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I arrived at Reds on Schedule at 6:15pm. Luciana had a milkshake (great) and a hamburger (that I couldn’t eat). I spent about 40 minutes at REDs…changed out of my wet shoes and aired my feet. Spent a bit of time sewing my pack so it would hold together for the next leg. I washed up and changed shirts which felt great. Chatted with some PCTers that were also heading south. Luciana took a video as I loaded my 5L pack which was bulging with food and gear and soon I was on my way into the fading light.

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Leaving Reds, I walked most of the gentle climb up to the Duck Pass Junction. I tried to run the flat stretches and soon was moving down to Purple lake. Pretty uneventful this phase of the trek…night-time. Not much visibility except in the open areas. Temperature was great for making progress and I enjoyed the moonlit crossing of Virginia Lake and soon was running down the long downhill on the other side. The climb up Silver was ok but heavy breathing made me realize I had an issue. I had remembered the climb down Silver as horribly technical and was worried about doing that at night. Surprisingly it was better than I expected and was encouraged that it wasn’t that difficult at night. Soon made it down to the turn to VVR and I monkeyed around trying to get cell phone coverage here and on the climb up Bear Ridge and finally could send some WhatsApp to Luciana asking for some Scratch labs powder, another pair of shoes for my sore Soleus muscle and Alkaline foods to help fix my Acidosis. I was having my first few issues…one was limited food acceptance and without calories had limited power on the climbs and very heavy breathing. The second was a pain above my left ankle bone…possibly because I had kicked myself several times on the narrow trail.

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Here is a look at heart rate evolution over the first day or so. Did a good job of maintaining an aerobic HR early but during the night my HR collapsed. I guess it would help having a pacer.

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ALMOST QUITTING
On the descent off bear ridge, twice the modest bother in my ankle screamed sharp pain and I wondered that I might need to exit at Muir Trail Ranch. Fortunately, I had 2 cold water crossings at Bear creek which froze me and my ankle and it didn’t give me much trouble after that. Note to Self: pains come and go quickly at times. I put on my rain jacket after the crossing and used it all the way up Selden. at the first direct rays of sunlight near the top of Selden I stopped took off my shoes… I changed socks and wrung out the inserts to try and get dry and empty the rocks.

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A nice 10-minute break and was soon on my way Up over Selden in the early morning. Nice no horse train to deal with this time…I jogged the downhill and was soon past Sally Keyes and cruising down towards MTR making excellent time. I took the JMT/PCT official route towards Kings Canyon…missing the hiker boxes at MTR (wah…) it was getting hot at only 10am and I was feeling the heat. The trail took forever to join up with the MTR detour and I wondered if I had gotten of course. Not just time was slowing down….at times KMs would click off super-fast and at other times slow motion would set in. Now I started the long hike up to Evolution basin and up and over Muir Pass. I was worried about arriving too late after dark to the Bishop Pass Trail junction so focused on making good time. However, I walked essentially this whole section…I was hot…very hot, uncomfortable and low on fueling with little desire to eat. It took what seemed to be forever to get over Muir Pass at 5pm. So, like 7 hours from MTR to Muir Pass. Dark clouds on Muir and a few drops of rain but luckily no problems. There was no one at the pass or near it and I tried to hustle down the trail but it was quite technical and I had no desire to run. Some snow fields were already frozen and it was a tricky descent and I remembered thinking there was no way I would have made it down in the dark. Alternate trails, multiple water crossings it wasn’t that easy in daylight. The Bishop Pass Junction also seem to take forever to arrive and I often thought I would see the tent but no…I would check the Guthooks app and it was several Kms to go. This happened several times.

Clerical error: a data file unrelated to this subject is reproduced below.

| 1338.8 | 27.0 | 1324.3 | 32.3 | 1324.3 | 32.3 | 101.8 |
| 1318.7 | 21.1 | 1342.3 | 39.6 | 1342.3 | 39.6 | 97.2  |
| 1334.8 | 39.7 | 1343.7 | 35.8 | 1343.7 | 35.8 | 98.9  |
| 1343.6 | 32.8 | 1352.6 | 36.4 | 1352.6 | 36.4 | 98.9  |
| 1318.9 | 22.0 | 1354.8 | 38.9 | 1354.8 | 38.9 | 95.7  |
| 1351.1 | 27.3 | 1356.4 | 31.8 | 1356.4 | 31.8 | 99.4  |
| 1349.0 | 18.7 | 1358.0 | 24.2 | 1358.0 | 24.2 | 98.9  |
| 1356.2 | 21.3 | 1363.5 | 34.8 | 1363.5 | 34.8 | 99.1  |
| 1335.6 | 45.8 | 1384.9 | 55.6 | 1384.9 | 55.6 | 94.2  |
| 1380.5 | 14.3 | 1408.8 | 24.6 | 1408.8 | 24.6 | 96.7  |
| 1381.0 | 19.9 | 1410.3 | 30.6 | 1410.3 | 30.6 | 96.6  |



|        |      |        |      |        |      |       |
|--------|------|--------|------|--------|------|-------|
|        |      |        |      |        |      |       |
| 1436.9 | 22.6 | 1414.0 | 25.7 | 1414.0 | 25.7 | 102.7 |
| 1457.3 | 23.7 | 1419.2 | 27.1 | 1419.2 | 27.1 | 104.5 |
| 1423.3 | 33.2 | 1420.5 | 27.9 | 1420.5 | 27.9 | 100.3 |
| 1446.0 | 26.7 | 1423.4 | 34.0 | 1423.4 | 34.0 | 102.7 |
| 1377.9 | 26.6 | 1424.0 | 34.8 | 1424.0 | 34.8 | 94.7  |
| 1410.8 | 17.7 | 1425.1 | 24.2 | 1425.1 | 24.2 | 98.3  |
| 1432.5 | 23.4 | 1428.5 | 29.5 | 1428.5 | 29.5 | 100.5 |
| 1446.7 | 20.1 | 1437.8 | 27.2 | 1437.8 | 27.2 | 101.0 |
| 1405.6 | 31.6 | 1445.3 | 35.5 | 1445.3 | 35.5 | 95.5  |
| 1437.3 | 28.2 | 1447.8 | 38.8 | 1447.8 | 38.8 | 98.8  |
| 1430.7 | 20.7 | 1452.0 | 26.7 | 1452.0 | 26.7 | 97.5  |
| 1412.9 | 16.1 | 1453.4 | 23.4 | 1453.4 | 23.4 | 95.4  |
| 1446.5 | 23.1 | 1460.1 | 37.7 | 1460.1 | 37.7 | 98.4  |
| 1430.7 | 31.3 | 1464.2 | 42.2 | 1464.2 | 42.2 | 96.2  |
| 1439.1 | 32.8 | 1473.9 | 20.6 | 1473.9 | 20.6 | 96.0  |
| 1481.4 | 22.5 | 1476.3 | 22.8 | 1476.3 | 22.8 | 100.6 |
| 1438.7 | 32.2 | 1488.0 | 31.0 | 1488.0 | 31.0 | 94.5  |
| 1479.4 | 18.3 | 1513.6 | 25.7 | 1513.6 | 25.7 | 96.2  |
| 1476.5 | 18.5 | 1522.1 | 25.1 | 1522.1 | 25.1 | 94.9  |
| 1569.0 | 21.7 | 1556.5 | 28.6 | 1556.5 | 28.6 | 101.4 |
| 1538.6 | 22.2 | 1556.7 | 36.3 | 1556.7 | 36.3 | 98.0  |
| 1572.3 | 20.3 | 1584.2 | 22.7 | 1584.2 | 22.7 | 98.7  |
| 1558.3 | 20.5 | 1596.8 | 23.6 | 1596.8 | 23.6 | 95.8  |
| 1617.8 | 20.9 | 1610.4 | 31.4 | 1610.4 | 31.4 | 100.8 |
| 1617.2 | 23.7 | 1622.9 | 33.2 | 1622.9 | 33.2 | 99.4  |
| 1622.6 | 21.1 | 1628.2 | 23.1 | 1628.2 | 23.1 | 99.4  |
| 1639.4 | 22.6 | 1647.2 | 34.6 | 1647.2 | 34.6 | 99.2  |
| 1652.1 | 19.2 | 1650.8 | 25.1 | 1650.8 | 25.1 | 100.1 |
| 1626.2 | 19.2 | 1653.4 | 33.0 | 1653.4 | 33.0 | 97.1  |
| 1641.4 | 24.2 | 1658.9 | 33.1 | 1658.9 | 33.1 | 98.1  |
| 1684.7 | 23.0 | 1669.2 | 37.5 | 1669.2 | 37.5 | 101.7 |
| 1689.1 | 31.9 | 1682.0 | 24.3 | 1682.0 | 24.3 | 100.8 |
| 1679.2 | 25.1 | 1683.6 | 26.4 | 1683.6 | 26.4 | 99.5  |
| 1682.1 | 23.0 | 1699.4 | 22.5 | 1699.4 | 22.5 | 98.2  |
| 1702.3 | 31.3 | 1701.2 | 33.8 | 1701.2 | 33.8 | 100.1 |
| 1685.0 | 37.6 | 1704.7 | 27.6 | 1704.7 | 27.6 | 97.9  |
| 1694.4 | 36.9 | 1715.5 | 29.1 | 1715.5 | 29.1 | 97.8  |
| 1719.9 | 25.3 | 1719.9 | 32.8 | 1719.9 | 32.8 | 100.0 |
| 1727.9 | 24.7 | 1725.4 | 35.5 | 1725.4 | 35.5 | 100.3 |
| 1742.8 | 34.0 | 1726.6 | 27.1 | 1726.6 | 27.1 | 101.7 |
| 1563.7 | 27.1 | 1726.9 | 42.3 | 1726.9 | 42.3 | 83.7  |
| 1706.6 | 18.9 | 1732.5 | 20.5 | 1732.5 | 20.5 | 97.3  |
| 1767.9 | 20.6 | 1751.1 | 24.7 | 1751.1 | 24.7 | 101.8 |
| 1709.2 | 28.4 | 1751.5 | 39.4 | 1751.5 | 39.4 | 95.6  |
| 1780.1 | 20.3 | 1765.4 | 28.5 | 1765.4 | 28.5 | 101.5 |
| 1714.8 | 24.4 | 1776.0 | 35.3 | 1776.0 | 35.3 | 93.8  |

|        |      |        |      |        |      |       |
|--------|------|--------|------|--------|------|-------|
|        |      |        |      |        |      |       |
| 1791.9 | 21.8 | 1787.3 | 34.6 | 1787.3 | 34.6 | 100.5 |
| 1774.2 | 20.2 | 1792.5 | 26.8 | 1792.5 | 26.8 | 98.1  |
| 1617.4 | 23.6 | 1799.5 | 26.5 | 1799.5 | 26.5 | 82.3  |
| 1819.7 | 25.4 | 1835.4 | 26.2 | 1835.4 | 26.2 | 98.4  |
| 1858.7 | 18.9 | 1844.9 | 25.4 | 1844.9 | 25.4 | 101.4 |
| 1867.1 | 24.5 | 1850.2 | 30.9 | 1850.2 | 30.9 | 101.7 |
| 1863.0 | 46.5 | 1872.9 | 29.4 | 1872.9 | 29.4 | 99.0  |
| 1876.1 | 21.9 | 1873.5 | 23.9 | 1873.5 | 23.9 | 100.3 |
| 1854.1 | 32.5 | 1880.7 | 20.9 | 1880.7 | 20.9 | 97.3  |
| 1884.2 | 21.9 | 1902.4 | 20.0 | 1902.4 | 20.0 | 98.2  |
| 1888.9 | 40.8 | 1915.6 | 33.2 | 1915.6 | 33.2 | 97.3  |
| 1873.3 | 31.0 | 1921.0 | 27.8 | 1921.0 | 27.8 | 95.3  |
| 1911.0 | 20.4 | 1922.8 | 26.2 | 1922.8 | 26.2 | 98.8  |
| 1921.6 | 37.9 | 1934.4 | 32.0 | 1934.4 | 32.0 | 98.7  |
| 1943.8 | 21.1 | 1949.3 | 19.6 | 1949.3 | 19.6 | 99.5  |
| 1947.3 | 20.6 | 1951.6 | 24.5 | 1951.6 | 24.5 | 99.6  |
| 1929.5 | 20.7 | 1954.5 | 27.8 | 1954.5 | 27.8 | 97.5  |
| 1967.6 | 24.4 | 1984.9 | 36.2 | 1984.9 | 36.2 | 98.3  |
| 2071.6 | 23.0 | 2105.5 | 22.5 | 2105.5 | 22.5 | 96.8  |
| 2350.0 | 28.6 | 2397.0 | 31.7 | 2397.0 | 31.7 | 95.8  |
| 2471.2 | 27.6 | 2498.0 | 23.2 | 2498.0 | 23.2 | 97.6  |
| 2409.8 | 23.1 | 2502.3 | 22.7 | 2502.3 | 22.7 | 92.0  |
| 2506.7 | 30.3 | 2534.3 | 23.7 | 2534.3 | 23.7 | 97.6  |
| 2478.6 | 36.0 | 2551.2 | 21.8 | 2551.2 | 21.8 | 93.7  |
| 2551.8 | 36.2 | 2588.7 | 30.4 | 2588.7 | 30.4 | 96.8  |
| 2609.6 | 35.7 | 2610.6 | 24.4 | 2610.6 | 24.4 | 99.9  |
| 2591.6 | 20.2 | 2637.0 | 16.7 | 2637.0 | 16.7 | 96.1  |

Finally, I made it to the Bishop Pass resupply at like 7:30pm…tired, defeated and wanting to quit. It was great to see Luciana and she was surprised to see me. While I was ahead of schedule I thought she would have seen the Inreach before leaving town and seen that I was making good time and be worried at what was taking me so long. I washed up and climbed into the tent to get some rest. And charge up the Inreach and my phone. She gave me the Hammer Recovery drink which I drank easily. Did I want Pad Thai? No. how about the Ramen? Ok. I tried to eat the ramen but it seemed dry and not appealing at all. I rested…tried to sleep and massaged my muscles. Happy to be clean and horizontal. She climbed in the tent and I set my alarm for 11:50pm. I mentioned a couple of times about stopping but she ignored me. I rested tossed and turned and don’t think I slept for a minute…at like 10:30 I started to think I’d better get going.